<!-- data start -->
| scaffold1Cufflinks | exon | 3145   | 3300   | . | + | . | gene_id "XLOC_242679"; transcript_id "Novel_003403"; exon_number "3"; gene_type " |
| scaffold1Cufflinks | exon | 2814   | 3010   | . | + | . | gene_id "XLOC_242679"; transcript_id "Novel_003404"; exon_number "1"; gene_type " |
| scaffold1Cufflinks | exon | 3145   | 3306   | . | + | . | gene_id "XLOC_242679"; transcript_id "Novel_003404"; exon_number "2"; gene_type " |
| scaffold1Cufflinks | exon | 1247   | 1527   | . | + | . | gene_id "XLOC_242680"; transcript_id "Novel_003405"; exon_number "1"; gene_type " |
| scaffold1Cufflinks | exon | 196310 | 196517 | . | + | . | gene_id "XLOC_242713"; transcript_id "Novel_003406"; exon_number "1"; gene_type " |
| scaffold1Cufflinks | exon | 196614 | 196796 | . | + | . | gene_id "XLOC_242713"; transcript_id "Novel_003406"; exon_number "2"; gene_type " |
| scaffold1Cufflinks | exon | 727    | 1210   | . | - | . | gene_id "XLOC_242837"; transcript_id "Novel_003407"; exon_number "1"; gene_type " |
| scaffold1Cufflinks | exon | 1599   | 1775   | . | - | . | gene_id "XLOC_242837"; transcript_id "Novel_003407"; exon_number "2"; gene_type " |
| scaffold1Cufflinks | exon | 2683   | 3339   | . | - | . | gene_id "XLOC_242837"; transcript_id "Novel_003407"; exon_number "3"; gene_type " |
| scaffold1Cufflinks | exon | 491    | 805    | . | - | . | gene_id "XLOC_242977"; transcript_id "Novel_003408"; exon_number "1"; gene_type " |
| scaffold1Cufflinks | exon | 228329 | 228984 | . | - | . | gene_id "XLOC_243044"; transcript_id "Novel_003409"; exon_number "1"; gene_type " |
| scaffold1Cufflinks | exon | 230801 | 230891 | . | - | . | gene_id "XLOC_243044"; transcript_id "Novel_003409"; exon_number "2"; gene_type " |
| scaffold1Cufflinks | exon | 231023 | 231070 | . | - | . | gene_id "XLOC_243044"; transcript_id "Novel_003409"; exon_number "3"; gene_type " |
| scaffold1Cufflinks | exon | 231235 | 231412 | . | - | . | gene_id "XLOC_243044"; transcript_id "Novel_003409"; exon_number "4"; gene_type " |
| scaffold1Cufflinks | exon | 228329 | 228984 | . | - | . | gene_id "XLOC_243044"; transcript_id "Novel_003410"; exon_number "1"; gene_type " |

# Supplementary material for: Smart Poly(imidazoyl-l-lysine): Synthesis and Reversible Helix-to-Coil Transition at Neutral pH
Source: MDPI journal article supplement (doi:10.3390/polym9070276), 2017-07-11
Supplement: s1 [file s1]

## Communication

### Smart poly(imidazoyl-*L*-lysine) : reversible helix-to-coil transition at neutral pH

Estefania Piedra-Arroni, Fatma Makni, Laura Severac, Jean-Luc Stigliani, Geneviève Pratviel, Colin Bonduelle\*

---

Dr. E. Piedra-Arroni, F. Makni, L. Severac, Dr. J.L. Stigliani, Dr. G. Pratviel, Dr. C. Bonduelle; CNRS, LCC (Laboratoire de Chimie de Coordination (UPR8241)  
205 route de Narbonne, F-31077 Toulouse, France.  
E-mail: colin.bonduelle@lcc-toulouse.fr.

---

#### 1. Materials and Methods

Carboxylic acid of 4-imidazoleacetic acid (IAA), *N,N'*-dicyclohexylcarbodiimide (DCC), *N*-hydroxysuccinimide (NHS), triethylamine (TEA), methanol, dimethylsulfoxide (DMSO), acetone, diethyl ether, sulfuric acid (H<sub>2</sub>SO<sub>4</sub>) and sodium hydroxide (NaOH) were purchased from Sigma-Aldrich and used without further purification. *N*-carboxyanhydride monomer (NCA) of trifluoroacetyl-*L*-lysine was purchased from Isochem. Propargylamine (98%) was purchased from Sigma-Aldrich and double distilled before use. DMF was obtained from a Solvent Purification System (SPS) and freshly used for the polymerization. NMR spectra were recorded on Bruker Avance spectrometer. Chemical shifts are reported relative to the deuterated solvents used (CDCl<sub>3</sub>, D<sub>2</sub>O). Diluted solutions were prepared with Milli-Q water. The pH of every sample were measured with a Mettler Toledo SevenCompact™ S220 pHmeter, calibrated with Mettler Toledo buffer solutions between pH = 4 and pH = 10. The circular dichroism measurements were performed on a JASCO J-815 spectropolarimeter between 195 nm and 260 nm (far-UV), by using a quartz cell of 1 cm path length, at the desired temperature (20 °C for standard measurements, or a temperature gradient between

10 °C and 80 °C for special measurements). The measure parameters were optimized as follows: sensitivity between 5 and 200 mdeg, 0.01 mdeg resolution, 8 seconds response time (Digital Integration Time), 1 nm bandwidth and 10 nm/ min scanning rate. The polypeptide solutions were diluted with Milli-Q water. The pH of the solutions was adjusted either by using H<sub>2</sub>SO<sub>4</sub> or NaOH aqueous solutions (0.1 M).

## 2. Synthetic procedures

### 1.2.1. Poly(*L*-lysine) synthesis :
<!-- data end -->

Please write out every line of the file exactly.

| scaffold1Cufflinks | exon | 3145   | 3300   | . | + | . | gene_id "XLOC_242679"; transcript_id "Novel_003403"; exon_number "3"; gene_type " |
| scaffold1Cufflinks | exon | 2814   | 3010   | . | + | . | gene_id "XLOC_242679"; transcript_id "Novel_003404"; exon_number "1"; gene_type " |
| scaffold1Cufflinks | exon | 3145   | 3306   | . | + | . | gene_id "XLOC_242679"; transcript_id "Novel_003404"; exon_number "2"; gene_type " |
| scaffold1Cufflinks | exon | 1247   | 1527   | . | + | . | gene_id "XLOC_242680"; transcript_id "Novel_003405"; exon_number "1"; gene_type " |
| scaffold1Cufflinks | exon | 196310 | 196517 | . | + | . | gene_id "XLOC_242713"; transcript_id "Novel_003406"; exon_number "1"; gene_type " |
| scaffold1Cufflinks | exon | 196614 | 196796 | . | + | . | gene_id "XLOC_242713"; transcript_id "Novel_003406"; exon_number "2"; gene_type " |
| scaffold1Cufflinks | exon | 727    | 1210   | . | - | . | gene_id "XLOC_242837"; transcript_id "Novel_003407"; exon_number "1"; gene_type " |
| scaffold1Cufflinks | exon | 1599   | 1775   | . | - | . | gene_id "XLOC_242837"; transcript_id "Novel_003407"; exon_number "2"; gene_type " |
| scaffold1Cufflinks | exon | 2683   | 3339   | . | - | . | gene_id "XLOC_242837"; transcript_id "Novel_003407"; exon_number "3"; gene_type " |
| scaffold1Cufflinks | exon | 491    | 805    | . | - | . | gene_id "XLOC_242977"; transcript_id "Novel_003408"; exon_number "1"; gene_type " |
| scaffold1Cufflinks | exon | 228329 | 228984 | . | - | . | gene_id "XLOC_243044"; transcript_id "Novel_003409"; exon_number "1"; gene_type " |
| scaffold1Cufflinks | exon | 230801 | 230891 | . | - | . | gene_id "XLOC_243044"; transcript_id "Novel_003409"; exon_number "2"; gene_type " |
| scaffold1Cufflinks | exon | 231023 | 231070 | . | - | . | gene_id "XLOC_243044"; transcript_id "Novel_003409"; exon_number "3"; gene_type " |
| scaffold1Cufflinks | exon | 231235 | 231412 | . | - | . | gene_id "XLOC_243044"; transcript_id "Novel_003409"; exon_number "4"; gene_type " |
| scaffold1Cufflinks | exon | 228329 | 228984 | . | - | . | gene_id "XLOC_243044"; transcript_id "Novel_003410"; exon_number "1"; gene_type " |

# Supplementary material for: Smart Poly(imidazoyl-l-lysine): Synthesis and Reversible Helix-to-Coil Transition at Neutral pH
Source: MDPI journal article supplement (doi:10.3390/polym9070276), 2017-07-11
Supplement: s1 [file s1]

## Communication

### Smart poly(imidazoyl-*L*-lysine) : reversible helix-to-coil transition at neutral pH

Estefania Piedra-Arroni, Fatma Makni, Laura Severac, Jean-Luc Stigliani, Geneviève Pratviel, Colin Bonduelle\*

---

Dr. E. Piedra-Arroni, F. Makni, L. Severac, Dr. J.L. Stigliani, Dr. G. Pratviel, Dr. C. Bonduelle; CNRS, LCC (Laboratoire de Chimie de Coordination (UPR8241)  
205 route de Narbonne, F-31077 Toulouse, France.  
E-mail: colin.bonduelle@lcc-toulouse.fr.

---

#### 1. Materials and Methods

Carboxylic acid of 4-imidazoleacetic acid (IAA), *N,N'*-dicyclohexylcarbodiimide (DCC), *N*-hydroxysuccinimide (NHS), triethylamine (TEA), methanol, dimethylsulfoxide (DMSO), acetone, diethyl ether, sulfuric acid (H<sub>2</sub>SO<sub>4</sub>) and sodium hydroxide (NaOH) were purchased from Sigma-Aldrich and used without further purification. *N*-carboxyanhydride monomer (NCA) of trifluoroacetyl-*L*-lysine was purchased from Isochem. Propargylamine (98%) was purchased from Sigma-Aldrich and double distilled before use. DMF was obtained from a Solvent Purification System (SPS) and freshly used for the polymerization. NMR spectra were recorded on Bruker Avance spectrometer. Chemical shifts are reported relative to the deuterated solvents used (CDCl<sub>3</sub>, D<sub>2</sub>O). Diluted solutions were prepared with Milli-Q water. The pH of every sample were measured with a Mettler Toledo SevenCompact™ S220 pHmeter, calibrated with Mettler Toledo buffer solutions between pH = 4 and pH = 10. The circular dichroism measurements were performed on a JASCO J-815 spectropolarimeter between 195 nm and 260 nm (far-UV), by using a quartz cell of 1 cm path length, at the desired temperature (20 °C for standard measurements, or a temperature gradient between

10 °C and 80 °C for special measurements). The measure parameters were optimized as follows: sensitivity between 5 and 200 mdeg, 0.01 mdeg resolution, 8 seconds response time (Digital Integration Time), 1 nm bandwidth and 10 nm/ min scanning rate. The polypeptide solutions were diluted with Milli-Q water. The pH of the solutions was adjusted either by using H<sub>2</sub>SO<sub>4</sub> or NaOH aqueous solutions (0.1 M).

## 2. Synthetic procedures

### 1.2.1. Poly(*L*-lysine) synthesis :